iPad with Retina display

For example, Apple's original iPad display had 1024 pixels by 768 pixels. The Retina iPads display 2048 pixels by 1536 pixels, but the device viewport is "still" 1024x768. "Normal" resolution artwork (132ppi) is doubled both horizontally and vertically, while text is rendered at the higher (264ppi) resolution. "Retina" resolution artwork is displayed at the native 264ppi.

My Big Laser Printer

Most of my design work is destined for paper, printed at 1200dpi on a $75,000 laser printer... but the printer's 1200dpi is dramatically different than Photoshop's dpi. The printer uses a 16-dot square (4 pixels on a side) composed of 16 dots each of cyan, magenta, yellow and black to express a single RGB Photoshop pixel. Even here there is no apples-to-apple comparison!

Trade Show Banners

I occasionally create vinyl banners for trade shows. The wide inkjet printers might have print resolutions higher than my big laser printer, but they only need 100dpi files to produce a good-looking banner.


In the end, Photoshop really doesn't care about devices, resolution or inches. Photoshop's engine is pixel-based. All the functions really compute pixels. Nothing else. The pixel-to-inch ratio only works when you use the file somewhere else, and usually only exposes a lack of understanding... when you do it right, almost no one sees the "good".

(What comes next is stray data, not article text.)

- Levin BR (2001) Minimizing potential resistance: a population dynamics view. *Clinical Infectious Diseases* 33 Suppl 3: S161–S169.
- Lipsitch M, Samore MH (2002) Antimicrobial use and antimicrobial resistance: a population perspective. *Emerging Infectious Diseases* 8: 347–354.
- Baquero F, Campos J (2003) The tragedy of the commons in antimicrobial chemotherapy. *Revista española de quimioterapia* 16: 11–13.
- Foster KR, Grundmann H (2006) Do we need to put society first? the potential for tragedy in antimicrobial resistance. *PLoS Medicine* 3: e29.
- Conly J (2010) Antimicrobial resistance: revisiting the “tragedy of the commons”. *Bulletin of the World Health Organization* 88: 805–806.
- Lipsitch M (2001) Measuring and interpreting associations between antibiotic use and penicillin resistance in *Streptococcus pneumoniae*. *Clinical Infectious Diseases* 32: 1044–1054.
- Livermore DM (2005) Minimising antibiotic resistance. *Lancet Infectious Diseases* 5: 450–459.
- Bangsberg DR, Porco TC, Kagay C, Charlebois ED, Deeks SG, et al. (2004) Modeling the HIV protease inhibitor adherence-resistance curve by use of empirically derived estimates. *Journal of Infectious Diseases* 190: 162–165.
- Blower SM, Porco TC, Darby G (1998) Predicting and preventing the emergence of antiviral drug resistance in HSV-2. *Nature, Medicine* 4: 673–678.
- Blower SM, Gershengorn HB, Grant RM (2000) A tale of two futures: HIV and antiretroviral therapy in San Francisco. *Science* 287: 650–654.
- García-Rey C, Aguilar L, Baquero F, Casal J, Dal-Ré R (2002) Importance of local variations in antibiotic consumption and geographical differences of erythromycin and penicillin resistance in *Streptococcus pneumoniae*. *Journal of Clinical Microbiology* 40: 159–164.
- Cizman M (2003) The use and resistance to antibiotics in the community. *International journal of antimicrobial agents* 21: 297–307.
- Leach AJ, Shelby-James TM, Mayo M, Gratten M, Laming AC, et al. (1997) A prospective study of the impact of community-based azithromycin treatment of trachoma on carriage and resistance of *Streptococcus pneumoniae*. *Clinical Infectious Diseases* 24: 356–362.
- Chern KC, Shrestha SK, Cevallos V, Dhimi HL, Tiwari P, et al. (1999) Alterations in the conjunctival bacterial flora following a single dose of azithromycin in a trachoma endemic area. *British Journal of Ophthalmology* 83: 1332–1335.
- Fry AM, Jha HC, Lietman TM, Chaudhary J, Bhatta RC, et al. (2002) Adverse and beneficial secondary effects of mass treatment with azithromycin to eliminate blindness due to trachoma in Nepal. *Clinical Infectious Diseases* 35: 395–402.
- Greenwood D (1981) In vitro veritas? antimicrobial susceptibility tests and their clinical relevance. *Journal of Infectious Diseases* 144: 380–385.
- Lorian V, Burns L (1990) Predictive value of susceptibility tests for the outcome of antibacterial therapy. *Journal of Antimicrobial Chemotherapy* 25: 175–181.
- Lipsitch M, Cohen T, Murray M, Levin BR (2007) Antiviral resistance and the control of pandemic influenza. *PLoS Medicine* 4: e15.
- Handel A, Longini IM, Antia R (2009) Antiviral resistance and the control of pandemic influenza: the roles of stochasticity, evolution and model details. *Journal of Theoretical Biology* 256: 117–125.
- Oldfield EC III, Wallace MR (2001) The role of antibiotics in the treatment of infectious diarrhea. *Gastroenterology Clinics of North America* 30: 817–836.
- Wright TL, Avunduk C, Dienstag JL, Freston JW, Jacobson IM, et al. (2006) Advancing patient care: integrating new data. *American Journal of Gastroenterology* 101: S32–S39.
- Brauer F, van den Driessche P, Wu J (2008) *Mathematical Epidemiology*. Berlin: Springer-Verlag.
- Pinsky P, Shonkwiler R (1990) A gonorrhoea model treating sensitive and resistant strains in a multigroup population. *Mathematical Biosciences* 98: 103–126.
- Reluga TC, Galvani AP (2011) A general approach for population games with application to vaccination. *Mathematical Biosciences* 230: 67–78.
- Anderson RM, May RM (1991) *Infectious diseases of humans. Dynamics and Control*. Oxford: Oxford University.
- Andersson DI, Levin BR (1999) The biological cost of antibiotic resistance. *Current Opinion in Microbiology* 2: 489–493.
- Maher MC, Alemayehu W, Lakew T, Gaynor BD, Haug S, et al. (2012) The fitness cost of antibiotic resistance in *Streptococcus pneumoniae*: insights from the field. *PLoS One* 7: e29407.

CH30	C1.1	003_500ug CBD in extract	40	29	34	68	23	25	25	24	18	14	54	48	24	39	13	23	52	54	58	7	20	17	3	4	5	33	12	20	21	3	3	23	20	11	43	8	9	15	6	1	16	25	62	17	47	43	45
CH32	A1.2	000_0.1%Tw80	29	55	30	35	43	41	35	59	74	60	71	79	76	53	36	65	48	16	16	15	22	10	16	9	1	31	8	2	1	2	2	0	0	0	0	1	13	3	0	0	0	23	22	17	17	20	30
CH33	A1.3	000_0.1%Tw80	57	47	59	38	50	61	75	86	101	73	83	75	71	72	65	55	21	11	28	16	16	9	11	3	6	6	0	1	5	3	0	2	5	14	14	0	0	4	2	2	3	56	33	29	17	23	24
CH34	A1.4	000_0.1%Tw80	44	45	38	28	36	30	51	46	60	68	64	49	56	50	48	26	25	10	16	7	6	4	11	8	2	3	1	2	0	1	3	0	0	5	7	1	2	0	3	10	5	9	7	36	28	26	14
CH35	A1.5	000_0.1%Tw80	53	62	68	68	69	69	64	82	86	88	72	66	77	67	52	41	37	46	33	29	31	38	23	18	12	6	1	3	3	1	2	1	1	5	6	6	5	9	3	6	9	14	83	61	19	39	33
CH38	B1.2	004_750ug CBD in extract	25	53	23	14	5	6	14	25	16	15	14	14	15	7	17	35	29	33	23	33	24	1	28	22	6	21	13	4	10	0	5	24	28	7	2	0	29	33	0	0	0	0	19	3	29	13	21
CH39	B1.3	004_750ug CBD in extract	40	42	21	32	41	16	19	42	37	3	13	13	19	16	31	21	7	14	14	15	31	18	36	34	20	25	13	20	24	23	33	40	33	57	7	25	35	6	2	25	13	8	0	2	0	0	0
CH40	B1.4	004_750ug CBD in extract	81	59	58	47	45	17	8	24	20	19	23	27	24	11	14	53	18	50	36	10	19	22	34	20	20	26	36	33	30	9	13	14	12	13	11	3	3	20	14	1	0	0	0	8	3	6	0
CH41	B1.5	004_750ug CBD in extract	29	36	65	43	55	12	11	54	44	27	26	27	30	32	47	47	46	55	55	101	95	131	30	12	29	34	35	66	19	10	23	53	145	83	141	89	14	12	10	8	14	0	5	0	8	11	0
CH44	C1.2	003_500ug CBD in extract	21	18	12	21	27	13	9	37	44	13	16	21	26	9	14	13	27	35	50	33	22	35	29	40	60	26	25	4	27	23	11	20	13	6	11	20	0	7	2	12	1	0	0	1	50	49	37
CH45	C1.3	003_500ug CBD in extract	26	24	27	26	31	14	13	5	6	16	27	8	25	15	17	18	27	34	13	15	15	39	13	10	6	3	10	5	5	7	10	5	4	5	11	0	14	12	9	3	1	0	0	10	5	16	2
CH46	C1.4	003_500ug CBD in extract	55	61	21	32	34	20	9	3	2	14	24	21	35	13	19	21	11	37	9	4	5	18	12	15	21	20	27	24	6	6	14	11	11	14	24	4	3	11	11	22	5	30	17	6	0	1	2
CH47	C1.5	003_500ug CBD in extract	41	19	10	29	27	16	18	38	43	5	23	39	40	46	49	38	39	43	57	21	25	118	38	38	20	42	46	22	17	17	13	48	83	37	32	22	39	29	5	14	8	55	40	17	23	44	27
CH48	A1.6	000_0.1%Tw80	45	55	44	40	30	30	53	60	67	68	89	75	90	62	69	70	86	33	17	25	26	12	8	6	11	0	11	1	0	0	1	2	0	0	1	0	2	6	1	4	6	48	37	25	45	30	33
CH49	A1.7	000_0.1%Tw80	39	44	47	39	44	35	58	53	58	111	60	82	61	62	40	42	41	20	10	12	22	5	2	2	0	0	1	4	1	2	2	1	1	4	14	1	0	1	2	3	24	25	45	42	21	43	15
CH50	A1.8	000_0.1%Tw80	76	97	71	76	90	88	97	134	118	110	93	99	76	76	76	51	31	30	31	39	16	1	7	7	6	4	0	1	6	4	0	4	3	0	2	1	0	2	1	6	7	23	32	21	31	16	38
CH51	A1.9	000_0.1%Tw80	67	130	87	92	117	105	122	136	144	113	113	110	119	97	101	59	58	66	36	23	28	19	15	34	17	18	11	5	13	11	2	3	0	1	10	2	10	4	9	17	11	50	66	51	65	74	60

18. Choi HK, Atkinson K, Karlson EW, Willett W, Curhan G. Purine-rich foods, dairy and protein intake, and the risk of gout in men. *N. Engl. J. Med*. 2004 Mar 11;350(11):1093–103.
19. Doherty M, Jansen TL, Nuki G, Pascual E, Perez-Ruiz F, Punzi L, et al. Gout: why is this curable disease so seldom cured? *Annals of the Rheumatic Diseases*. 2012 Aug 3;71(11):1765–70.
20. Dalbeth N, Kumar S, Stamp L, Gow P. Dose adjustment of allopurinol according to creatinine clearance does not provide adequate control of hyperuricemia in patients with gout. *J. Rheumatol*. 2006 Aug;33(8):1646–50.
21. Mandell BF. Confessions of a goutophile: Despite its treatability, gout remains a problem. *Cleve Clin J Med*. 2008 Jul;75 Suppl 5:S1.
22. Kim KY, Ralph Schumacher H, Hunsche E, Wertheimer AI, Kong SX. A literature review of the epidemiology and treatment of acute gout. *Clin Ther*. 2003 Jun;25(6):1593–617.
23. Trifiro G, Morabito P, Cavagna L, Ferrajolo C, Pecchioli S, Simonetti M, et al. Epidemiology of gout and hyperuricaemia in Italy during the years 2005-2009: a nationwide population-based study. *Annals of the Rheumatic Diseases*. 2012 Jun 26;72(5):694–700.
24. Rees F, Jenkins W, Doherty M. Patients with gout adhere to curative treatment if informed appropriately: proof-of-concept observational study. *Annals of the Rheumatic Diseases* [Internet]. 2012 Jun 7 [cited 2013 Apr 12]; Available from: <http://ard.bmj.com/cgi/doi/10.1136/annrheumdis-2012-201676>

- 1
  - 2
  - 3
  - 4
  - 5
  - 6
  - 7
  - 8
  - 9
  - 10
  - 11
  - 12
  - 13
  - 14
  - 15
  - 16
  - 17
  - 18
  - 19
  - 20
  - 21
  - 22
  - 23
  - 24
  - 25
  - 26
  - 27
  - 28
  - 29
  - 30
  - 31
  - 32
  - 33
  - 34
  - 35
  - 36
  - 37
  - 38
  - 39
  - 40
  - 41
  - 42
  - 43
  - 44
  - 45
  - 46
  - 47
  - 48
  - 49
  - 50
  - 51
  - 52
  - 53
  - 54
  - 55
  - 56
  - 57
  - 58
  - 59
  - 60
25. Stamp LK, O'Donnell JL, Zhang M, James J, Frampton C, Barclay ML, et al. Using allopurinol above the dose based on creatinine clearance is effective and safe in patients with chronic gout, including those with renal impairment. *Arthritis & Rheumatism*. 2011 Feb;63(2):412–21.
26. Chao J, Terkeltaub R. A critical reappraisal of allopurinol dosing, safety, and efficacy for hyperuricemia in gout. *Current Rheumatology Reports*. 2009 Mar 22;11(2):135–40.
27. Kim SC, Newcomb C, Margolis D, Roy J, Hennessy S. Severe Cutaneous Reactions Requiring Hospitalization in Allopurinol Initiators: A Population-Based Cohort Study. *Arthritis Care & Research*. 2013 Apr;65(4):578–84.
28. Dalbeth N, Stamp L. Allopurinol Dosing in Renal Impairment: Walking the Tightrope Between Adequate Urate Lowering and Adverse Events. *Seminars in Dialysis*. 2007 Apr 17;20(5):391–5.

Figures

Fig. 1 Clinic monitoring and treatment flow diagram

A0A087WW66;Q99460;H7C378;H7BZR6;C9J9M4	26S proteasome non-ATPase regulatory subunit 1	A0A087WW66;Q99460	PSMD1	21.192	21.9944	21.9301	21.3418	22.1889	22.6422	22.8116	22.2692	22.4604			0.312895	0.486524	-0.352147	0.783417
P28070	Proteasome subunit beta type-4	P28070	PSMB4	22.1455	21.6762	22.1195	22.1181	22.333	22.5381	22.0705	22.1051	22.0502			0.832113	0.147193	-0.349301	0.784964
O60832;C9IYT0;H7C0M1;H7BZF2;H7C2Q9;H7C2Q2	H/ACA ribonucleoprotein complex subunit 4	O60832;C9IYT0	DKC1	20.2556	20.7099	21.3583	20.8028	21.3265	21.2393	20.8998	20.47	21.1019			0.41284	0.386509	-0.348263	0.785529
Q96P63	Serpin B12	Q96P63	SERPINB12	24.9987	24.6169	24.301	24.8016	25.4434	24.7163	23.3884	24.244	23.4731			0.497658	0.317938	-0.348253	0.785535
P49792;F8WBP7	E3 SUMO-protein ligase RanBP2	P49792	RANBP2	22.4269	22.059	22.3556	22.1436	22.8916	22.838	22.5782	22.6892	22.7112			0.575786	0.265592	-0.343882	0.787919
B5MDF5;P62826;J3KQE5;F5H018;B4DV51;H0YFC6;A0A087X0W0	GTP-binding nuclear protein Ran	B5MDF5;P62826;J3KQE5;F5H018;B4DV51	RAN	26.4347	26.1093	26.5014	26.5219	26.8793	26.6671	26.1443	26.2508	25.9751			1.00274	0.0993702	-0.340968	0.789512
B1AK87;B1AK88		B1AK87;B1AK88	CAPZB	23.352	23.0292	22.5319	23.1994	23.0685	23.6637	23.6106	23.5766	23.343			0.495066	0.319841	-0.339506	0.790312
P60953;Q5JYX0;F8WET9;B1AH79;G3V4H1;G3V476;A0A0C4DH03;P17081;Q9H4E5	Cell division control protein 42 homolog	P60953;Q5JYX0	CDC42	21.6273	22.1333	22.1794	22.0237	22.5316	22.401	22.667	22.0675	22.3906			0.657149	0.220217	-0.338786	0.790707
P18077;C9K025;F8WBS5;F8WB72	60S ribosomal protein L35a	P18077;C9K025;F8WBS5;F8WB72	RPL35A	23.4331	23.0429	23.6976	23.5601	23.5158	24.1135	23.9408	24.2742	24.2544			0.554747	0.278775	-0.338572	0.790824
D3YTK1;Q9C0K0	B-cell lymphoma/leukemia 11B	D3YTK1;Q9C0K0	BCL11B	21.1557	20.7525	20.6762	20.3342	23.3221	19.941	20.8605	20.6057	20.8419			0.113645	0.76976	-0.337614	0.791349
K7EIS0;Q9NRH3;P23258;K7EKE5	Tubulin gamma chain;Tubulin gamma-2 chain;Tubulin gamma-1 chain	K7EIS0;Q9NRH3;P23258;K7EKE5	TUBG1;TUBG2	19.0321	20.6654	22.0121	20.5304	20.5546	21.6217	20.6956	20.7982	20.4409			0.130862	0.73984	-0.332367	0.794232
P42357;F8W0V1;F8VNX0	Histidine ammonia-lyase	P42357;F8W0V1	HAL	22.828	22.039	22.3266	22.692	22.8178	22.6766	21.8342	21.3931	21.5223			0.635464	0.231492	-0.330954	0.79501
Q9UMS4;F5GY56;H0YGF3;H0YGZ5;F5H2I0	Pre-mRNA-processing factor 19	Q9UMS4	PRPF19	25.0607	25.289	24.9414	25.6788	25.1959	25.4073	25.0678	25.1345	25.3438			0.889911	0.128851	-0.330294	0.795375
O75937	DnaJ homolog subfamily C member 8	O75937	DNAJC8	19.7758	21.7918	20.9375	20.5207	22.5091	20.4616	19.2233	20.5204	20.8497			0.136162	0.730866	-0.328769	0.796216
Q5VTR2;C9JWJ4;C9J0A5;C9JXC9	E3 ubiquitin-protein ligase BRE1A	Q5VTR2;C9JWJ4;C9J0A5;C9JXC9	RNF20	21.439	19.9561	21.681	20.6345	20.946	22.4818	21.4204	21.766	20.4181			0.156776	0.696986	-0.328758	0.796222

Back to my print design... let's assume I'm building a two-page spread measuring 17.25" wide by 11.25" tall. I need to supply the big laser printer's 1200dpi print engine with raster files at 300dpi. We'll discuss two files:

Raster File A

  • I design a "synthetic" paper color and texture to print on white paper. The paper file in Photoshop is 17.25"*300dpi x 11.25"*300dpi, or 5,190 pixels x 3,375 pixels.
  • When I save the finished background file, the file header contains the hard resolution in pixels, but only a "suggestion" for the dpi of the file.
  • When I place the file in InDesign, it reads the header and sizes the file to 17.25"x11.25".

Raster File B

  • I shot a picture with my iPhone 5. The 8MP image's pixel dimensions are 3,264 x 2,448. Digital cameras default the "resolution" to 72dpi.

  • I drop this file into InDesign as a 45" x 32" photo.

  • Had I set the resolution to 300dpi in Photoshop, the file would have placed as a 10.8" x 8.2" image instead.

  • Regardless of the resolution I set in Photoshop, I can scale the file to whatever size I desire... let's say just about 5" x 4", or about 650dpi.

Answering your question